Howard Keel (April 13, 1919 — November 7, 2004) was an American actor and singer. He starred in many film musicals of the 1950s.
Early years of Howard Keel
Howard Keel was born Harold Clifford Keel in Gillespie, Illinois, to Navyman-turned-coalminer Homer Keel and his wife, Grace Osterkamp Keel. (It is often erroneously stated — by the MGM publicity department of the 1950s — that Keel’s birth name was Harold Leek).
Young Harold spent his childhood in poverty. One of his teachers, Miss Rosa Burke, noticed one day that he was not eating his lunch. From that day forward, Miss Burke would pack two lunches — one for herself and one for Harold. When he became famous and would perform near Gillespie, Burke always received tickets to attend his performances.
After his father’s death in 1930, Keel and his mother moved to California, where he graduated from Fallbrook High School at the age of 17 and took various odd jobs until finally settling at Douglas Aircraft Company, where he became a traveling representative.
Career and personal life of Howard Keel
At the age of 20, Keel was overheard singing by his landlady, Mom Rider, and was encouraged to take vocal lessons. One of Keel’s musical heroes was the great baritone Lawrence Tibbett; Howard would later remark that learning that his own voice was a basso cantante was one of the greatest disappointments of his life. Nevertheless, his first public performance occurred in the summer of 1941, when he played the role of Samuel the Prophet in Handel’s oratorio Saul (singing a duet with bass-baritone George London).
In 1943, Keel met and married his first wife, actress Rosemary Cooper. In 1945, Keel briefly understudied for John Raitt in the Broadway hit Carousel before being assigned to Oklahoma!, written by Richard Rodgers and Oscar Hammerstein II. When performing this play during this period, Keel accomplished a feat that has never been duplicated: he performed the leads in both shows on the same day.
In 1947, Oklahoma! became the first American postwar musical to travel to London, England, and Harold joined the production. On the opening night, 30 April, at the Drury Lane Theatre, the capacity audience (which included the future Queen Elizabeth II) demanded fourteen encores. Keel was hailed as the next great star, becoming the toast of London’s West End.
During the London run, his marriage to Rosemary ended in divorce, and Keel fell in love with a young member of the show’s chorus, dancer Helen Anderson. They married in January 1949 and, a year later, Harold — now called Howard — became a first-time father to a daughter, Kaija.
While living in London, Keel made his film debut as Howard Keel at the British Lion studio in Elstree, in The Small Voice (1948), released in the US as Hideout, in which he played an escaped convict holding up a playwright and his wife in their English country cottage.
Additional Broadway credits include Saratoga, No Strings, and Ambassador. He appeared at The Muny in St. Louis, MO as General Waverly in White Christmas (2000), Henry Higgins in My Fair Lady (1996); Emile de Becque in South Pacific (1992), and Adam in Seven Brides For Seven Brothers (1978).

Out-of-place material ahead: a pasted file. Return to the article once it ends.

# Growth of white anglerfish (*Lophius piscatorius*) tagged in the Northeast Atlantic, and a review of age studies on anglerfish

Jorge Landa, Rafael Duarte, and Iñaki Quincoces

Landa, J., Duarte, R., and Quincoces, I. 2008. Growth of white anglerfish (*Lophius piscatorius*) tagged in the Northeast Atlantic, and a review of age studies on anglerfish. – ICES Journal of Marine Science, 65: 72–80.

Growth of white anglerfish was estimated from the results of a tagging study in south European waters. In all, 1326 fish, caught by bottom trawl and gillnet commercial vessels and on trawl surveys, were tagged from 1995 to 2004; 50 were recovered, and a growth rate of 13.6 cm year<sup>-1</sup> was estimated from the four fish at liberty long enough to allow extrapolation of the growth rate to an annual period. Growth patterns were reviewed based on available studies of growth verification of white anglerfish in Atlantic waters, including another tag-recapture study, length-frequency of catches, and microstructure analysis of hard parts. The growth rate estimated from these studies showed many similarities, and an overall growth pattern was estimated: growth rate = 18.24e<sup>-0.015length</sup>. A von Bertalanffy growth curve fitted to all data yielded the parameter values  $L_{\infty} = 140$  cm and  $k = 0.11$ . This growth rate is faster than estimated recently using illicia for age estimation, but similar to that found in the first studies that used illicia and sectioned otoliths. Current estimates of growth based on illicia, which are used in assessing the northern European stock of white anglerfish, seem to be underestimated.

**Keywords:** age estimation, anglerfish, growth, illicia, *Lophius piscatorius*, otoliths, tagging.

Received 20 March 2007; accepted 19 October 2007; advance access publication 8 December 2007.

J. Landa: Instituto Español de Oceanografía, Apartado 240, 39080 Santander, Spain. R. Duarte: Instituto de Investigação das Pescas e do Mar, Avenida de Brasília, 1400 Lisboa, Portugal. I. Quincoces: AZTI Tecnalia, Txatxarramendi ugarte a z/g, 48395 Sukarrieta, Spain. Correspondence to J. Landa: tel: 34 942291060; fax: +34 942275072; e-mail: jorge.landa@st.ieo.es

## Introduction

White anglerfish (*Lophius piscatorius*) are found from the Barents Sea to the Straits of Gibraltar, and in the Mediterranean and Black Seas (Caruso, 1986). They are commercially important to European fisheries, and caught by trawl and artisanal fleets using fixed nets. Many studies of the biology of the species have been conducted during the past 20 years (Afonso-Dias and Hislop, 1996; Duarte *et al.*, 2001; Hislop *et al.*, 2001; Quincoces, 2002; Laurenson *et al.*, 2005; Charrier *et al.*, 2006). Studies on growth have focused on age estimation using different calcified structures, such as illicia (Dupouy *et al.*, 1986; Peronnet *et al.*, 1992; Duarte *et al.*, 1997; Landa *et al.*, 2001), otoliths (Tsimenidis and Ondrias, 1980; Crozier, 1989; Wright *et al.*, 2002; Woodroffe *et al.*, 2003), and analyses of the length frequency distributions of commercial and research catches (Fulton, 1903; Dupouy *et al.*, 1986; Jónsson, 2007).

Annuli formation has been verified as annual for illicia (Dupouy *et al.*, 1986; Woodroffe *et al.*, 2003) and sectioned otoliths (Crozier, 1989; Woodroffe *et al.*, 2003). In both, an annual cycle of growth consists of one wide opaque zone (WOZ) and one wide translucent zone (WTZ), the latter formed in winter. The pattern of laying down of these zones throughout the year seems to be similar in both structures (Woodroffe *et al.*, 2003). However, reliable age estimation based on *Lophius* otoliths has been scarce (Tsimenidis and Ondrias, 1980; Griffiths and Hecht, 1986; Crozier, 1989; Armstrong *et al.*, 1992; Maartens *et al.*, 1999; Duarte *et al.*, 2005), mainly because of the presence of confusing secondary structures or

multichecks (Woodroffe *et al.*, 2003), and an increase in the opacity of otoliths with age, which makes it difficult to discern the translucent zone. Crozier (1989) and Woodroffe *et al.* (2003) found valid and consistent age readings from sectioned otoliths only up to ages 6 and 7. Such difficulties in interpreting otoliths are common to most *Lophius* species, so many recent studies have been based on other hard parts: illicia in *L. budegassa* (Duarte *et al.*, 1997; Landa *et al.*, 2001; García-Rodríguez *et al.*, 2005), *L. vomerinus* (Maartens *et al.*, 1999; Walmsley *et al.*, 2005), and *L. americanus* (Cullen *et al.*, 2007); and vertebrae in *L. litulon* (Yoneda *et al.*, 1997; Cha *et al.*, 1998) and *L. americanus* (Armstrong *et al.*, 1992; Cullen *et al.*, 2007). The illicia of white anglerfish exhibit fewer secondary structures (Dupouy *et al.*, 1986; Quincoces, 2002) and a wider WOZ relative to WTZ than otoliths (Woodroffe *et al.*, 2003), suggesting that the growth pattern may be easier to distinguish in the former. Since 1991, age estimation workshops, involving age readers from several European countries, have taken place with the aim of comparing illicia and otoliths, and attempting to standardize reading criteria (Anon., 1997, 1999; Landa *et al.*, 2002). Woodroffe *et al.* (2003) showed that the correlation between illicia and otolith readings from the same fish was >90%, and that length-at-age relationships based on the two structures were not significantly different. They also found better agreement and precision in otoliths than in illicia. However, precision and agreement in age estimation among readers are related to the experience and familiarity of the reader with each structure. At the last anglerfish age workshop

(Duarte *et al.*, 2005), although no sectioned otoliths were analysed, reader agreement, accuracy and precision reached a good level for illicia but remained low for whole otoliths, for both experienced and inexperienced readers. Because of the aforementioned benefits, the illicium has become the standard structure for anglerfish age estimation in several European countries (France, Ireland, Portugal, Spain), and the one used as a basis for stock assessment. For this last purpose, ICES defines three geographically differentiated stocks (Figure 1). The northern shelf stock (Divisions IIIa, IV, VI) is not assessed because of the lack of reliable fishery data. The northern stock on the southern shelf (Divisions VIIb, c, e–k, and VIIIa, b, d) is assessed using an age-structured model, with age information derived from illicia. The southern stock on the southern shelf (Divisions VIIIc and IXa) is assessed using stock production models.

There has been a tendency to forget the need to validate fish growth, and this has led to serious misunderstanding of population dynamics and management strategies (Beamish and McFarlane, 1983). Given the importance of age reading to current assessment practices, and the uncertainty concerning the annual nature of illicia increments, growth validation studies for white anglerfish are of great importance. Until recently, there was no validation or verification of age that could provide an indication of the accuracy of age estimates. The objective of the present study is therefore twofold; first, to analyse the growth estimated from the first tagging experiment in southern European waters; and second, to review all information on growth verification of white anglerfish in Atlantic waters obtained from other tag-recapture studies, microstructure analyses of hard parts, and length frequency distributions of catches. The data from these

Howard Keel was a devout Methodist.
MGM years of Howard Keel
From London’s West End, Howard ended up at Metro-Goldwyn-Mayer making his film musical debut as Frank Butler in the movie version of Irving Berlin’s Annie Get Your Gun (1950).
Howard’s MGM career was to become a frustrating business. MGM never seemed to know quite how to use him and, besides his plum film roles in Show Boat (1951), Kiss Me Kate (1953), Seven Brides for Seven Brothers (1954), and Kismet (1955), he was forced into a series of unremarkable musicals and B-films. On loan at Warner Brothers, Keel played Wild Bill Hickok in Calamity Jane (1953), a highly popular Oscar-winning musical starring Doris Day in one of her most famous screen roles. The film was Warner Brothers’ answer to Annie Get Your Gun, and included the smash hit song Secret Love.
There were two more children born to Howard and Helen, daughter Kirstine in 1952 and son Gunnar in 1955. Soon after, Howard was released from his contract and returned to his first love: the stage.
1960s and early 1970s for Howard Keel
As America’s taste in entertainment evolved, finding jobs became more difficult for Keel. The 1960s held limited prospect for career advancement, and consisted primarily of nightclub work, B-Westerns and summer stock. Due to his declining career, Keel began to drink heavily, and his marriage to Helen crumbled. They divorced in 1970.
1970 turned out to be more fortuitous for Howard. He went on a blind date with airline stewardess Judy Magamoll, who was 25 years his junior and had never even heard of him. Years later, Howard would call the relationship love at first sight, but the age difference bothered him tremendously. For Judy, however, it was not a problem, and with the aid of Robert Frost’s poem “What Fifty Said” , she convinced him to proceed with the relationship. They were married in December 1970 and his drinking problem soon ceased thereafter. He resumed his routine of nightclub, cabaret and summer stock jobs with his new wife at his side, and, in 1971-72, appeared briefly in the West End and Broadway productions of the musical, Ambassador, which flopped.